Diagonal lashing is used to bind poles together that cross each other but do not touch when their ends are lashed in place in a structure.
The diagonal lashing gets its name from the fact that the wrapping turns cross the poles diagonally. The diagonal lashing can be used to bind poles that cross each other from 90° to 45°. If the angle between the poles is less than 45° a shear lashing should be used. The diagonal lashing makes use of the timber hitch to pull poles together that are not touching each other. The timber hitch allows the poles to be drawn together without changing the relative positions of the poles. [NOTE] If a square lashing were used to bind poles that do not touch, the beginning clove hitch would pull the cross pole toward the clove hitch causing unnecessary bowing of the cross pole and could also produce a force that would act along the length of the pole to which the clove hitch is tied. These additional forces, if strong enough, can place unnecessary strain on other lashing within the structure causing the structure to twist and fail.
If very smooth rope is used, the lashing can be made more secure by adding a third or fourth half hitch to the clove hitch.
A shear lashing around 3 poles.
To bind three poles together, for the construction of a tripod. To bind three poles together that contact at the same point in a structure.
The tripod lashing is a shear lashing that binds three poles together at the same point. The tripod lashing gets it name from the fact that its most common use is the construction of a tripod. The tripod lashing can be used just about anywhere in a structure that three poles cross each other at the same point and the same time in the sequence of construction. Tripod lashing takes two main forms; with racked wrapping turns (the rope is woven between the poles) and with plain wrapping turns (the rope is wrapped around the poles without weaving the rope between the poles). When the lashing is made with racking turns the rope contacts each pole around its entire circumference ; this contact makes the tripod lashing with racking turns the most secure form of tripod lashing: therefore tripod lashing with racking turns should be used when safety is important. However, for light structures where there would be no danger if the lashing slipped, the faster to tie tripod lashing with plain wrapping turns may be used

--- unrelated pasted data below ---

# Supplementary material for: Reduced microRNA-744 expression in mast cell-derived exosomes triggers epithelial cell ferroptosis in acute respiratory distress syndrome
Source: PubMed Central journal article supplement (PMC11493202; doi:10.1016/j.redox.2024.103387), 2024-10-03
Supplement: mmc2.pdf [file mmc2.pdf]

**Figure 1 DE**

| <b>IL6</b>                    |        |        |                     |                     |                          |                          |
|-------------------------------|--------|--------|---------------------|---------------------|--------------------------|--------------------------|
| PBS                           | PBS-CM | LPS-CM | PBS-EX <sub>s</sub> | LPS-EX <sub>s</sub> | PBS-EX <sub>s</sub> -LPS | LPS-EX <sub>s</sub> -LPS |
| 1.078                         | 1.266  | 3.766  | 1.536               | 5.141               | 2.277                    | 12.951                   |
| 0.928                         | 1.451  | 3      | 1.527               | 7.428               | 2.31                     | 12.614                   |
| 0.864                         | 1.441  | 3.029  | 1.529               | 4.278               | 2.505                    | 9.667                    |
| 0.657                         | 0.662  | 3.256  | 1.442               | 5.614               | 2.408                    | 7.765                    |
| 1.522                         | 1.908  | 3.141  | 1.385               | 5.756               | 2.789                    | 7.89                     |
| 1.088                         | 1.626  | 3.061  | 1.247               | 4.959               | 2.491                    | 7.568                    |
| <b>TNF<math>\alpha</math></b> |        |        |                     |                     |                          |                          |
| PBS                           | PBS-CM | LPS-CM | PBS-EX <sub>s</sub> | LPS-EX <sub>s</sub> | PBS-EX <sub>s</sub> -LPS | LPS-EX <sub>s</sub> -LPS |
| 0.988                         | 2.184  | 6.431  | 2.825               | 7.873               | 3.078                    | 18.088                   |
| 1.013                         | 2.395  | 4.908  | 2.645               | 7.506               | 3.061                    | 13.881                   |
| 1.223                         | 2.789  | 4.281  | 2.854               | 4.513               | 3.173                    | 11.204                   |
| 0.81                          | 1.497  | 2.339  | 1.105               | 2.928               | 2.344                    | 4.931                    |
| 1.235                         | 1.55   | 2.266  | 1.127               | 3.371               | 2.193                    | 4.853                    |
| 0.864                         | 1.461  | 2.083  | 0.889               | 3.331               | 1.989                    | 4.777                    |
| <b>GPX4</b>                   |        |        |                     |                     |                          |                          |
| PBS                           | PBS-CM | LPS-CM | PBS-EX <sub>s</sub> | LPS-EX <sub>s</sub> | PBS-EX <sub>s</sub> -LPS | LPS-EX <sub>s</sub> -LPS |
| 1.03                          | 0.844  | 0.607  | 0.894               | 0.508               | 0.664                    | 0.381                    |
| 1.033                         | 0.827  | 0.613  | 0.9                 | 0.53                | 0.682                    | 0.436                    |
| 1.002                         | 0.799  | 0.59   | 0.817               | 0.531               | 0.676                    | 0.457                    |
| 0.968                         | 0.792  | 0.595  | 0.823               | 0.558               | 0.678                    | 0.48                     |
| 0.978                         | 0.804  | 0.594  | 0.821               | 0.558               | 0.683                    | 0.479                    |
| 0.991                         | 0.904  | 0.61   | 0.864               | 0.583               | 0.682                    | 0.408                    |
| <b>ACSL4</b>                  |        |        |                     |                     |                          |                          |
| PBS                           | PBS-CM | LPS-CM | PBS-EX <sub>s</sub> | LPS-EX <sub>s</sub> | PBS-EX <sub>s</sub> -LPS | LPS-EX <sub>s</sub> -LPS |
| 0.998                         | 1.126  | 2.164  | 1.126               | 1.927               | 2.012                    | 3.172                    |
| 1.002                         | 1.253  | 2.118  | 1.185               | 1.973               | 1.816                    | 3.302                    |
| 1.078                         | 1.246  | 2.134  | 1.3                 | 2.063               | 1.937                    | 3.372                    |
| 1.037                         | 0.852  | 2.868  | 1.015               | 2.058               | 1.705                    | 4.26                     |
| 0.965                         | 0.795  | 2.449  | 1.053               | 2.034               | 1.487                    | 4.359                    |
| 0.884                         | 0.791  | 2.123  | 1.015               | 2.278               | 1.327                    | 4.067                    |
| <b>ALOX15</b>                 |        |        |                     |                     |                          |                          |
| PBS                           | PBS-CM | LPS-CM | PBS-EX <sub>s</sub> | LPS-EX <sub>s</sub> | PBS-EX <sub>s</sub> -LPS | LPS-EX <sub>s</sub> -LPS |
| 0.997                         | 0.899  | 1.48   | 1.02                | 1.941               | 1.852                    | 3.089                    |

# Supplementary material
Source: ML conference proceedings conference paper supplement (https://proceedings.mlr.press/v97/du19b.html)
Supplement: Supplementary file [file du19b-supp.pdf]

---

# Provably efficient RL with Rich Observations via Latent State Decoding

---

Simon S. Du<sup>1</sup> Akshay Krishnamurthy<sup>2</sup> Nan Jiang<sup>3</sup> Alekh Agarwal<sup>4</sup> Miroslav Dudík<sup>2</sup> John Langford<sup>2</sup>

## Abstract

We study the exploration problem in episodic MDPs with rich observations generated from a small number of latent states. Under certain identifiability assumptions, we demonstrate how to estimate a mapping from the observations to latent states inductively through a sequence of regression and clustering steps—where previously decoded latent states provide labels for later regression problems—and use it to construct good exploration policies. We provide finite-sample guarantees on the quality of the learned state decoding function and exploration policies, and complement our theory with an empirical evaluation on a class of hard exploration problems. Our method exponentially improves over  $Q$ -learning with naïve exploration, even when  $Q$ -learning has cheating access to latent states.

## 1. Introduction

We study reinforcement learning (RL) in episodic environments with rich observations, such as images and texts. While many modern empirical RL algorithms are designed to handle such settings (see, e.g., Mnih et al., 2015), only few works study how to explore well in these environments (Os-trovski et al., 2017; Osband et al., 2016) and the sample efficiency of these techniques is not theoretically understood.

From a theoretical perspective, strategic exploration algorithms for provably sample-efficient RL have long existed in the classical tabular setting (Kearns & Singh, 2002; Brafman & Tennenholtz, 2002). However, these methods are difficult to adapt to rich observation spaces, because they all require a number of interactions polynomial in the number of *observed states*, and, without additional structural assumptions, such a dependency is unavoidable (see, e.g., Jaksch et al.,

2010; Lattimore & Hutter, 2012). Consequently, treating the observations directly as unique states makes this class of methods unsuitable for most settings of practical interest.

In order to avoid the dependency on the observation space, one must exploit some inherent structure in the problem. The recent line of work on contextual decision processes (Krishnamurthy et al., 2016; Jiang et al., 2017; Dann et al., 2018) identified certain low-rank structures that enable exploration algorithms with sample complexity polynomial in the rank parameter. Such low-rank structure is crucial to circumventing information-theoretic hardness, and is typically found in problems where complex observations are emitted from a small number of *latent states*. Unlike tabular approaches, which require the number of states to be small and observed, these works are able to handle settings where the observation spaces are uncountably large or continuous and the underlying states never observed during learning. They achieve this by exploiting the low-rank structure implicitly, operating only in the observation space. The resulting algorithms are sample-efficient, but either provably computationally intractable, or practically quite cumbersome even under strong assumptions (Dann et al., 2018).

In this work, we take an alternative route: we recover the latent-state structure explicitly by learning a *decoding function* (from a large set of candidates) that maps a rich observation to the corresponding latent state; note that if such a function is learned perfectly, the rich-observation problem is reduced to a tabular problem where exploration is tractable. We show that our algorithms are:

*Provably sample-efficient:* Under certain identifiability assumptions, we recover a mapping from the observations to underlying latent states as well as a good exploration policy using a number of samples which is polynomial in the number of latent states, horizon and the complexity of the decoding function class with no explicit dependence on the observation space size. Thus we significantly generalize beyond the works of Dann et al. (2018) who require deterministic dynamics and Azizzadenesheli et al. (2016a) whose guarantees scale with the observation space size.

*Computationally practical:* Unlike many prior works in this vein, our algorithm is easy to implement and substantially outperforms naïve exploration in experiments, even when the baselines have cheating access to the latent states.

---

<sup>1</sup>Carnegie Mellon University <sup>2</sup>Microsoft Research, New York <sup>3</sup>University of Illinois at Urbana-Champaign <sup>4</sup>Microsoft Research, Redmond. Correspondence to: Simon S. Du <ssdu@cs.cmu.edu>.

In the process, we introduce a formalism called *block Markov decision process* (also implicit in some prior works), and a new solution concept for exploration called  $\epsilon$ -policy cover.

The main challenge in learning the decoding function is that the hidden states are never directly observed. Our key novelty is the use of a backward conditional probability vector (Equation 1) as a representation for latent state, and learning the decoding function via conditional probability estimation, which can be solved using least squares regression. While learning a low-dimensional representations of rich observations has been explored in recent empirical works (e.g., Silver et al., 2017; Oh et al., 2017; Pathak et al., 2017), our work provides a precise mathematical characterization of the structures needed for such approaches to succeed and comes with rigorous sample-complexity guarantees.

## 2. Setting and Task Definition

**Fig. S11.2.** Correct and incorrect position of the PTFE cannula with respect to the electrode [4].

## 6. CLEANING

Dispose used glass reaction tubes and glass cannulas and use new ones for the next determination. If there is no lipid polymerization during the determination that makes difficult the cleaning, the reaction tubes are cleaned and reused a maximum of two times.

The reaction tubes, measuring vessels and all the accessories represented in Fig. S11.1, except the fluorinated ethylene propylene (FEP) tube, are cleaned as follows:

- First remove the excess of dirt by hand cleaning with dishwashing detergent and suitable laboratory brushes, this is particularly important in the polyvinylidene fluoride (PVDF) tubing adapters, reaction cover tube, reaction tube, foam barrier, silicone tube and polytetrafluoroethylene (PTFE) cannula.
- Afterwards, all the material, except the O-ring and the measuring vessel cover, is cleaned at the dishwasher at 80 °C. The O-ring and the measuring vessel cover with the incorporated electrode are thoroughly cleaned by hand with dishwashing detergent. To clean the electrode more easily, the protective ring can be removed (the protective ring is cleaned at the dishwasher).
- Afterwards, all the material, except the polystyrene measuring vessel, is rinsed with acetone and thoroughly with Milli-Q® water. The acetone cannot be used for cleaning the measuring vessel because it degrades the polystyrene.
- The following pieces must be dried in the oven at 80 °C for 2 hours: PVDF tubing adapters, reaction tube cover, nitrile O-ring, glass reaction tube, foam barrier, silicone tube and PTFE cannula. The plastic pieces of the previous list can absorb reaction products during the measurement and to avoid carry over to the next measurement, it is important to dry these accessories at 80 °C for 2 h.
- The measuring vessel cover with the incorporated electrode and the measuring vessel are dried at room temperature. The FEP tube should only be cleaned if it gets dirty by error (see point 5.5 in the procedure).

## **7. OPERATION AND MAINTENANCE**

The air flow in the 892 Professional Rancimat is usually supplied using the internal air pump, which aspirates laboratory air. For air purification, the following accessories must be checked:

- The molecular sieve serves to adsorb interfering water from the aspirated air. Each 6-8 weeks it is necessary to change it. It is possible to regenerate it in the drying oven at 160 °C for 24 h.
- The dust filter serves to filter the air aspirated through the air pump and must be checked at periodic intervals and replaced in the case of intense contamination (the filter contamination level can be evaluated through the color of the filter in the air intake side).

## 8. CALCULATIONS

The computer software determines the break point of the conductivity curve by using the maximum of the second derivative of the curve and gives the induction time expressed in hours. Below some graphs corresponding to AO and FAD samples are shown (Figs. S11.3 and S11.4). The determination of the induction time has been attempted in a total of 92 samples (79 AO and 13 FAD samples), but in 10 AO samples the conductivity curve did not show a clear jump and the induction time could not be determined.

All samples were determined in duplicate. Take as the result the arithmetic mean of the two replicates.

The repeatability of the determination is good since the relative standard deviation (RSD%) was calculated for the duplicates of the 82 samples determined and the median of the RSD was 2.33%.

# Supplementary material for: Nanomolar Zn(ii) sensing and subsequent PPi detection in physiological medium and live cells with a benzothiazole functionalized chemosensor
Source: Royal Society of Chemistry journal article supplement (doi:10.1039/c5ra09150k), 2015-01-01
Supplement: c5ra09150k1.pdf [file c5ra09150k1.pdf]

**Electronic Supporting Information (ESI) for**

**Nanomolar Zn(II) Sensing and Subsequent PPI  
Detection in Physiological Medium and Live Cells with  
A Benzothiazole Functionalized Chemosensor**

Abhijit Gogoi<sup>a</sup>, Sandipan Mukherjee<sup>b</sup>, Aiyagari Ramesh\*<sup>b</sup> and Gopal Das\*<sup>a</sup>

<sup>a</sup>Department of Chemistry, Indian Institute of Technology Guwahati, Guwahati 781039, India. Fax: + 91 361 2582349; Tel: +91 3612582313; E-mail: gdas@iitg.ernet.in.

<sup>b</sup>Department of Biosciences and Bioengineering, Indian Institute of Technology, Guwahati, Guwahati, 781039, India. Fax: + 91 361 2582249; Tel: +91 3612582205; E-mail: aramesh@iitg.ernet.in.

For most tripod lashings, lay the pole side by side with the butt ends aligned. The alignment of the butts of the pole insures that the tripod legs are the desired length
The practice of laying the center pole in the opposite direction to the outside poles creates several problems. When the poles are laid in opposite directions the wrappings must be put on loosely so that when the center pole is rotated to its proper position the lashing is tightened around the poles. If the wrappings are put on too tight, the rope is stretched causing damage to the rope fibers, therefore weakening the lashing. On the other hand, if the rope is wrapped two loosely, the lashing will not tighten enough when the center pole is rotated and the lashing will be able to slip along the length of the pole. Either way, the rope to loose or the rope too tight, a dangerous situation is created.
Set up the tripod by crossing the outside poles so that the cross point of the poles is under the center pole. Crossing the outside poles under the center pole causes part of the load that is placed on the tripod to be taken up by the wood to wood contact of the poles.
A sheer lashing is often used to bind adjacent poles together. It is also a good way to reinforce a broken or weak pole. The frapping turns used to tighten the lashing may be omitted and replaced with wedges inserted between the poles.
A loose Sheer Lashing made around the ends of two poles will allow the poles to be opened out and used as an A-frame. It can also be used to form a tripod just like the Figure-of-eight lashing.
An A-frame lashing or Sheer Legs is made in the same way as a Sheer Lashing with the lashing and frapping turns made slightly loose so that the poles can be opened out. It is often used to raise a boat mast or to form the legs of a rope bridge. You must take care to ensure that the legs of the frame do not slip.
Take a tripod by using a Figure-of-eight lashing on three poles. Set up the tripod by crossing the outside poles so that the cross point of the poles is under the center pole. This makes sure that part of the load is taken by the wood in contact.
If a symmetrical arrangement of the poles is needed within a structure the tripod can be set up by rotating the poles around the lashing. This means that the load is supported only by the ropes and the joint becomes flexible and so the tripod may become unstable.
Ladder lashing allows for a quick and secure method for constructing a ladder or for constructing a decking with evenly space decking pieces.
This form of lashing has several advantages over the traditional floor lashing. Less material is required because unlike floor lashing a space can be left between each piece of the decking. Also, each rung is securely lashed in place by several loops of rope in much the same way as a square lashing; with the traditional floor lashing only a single loop of the rope holds each end of the decking in place, therefore if one piece loosens, the entire deck loosens.
The ladder lashing has two forms; left and right, each is a mirror image of the other.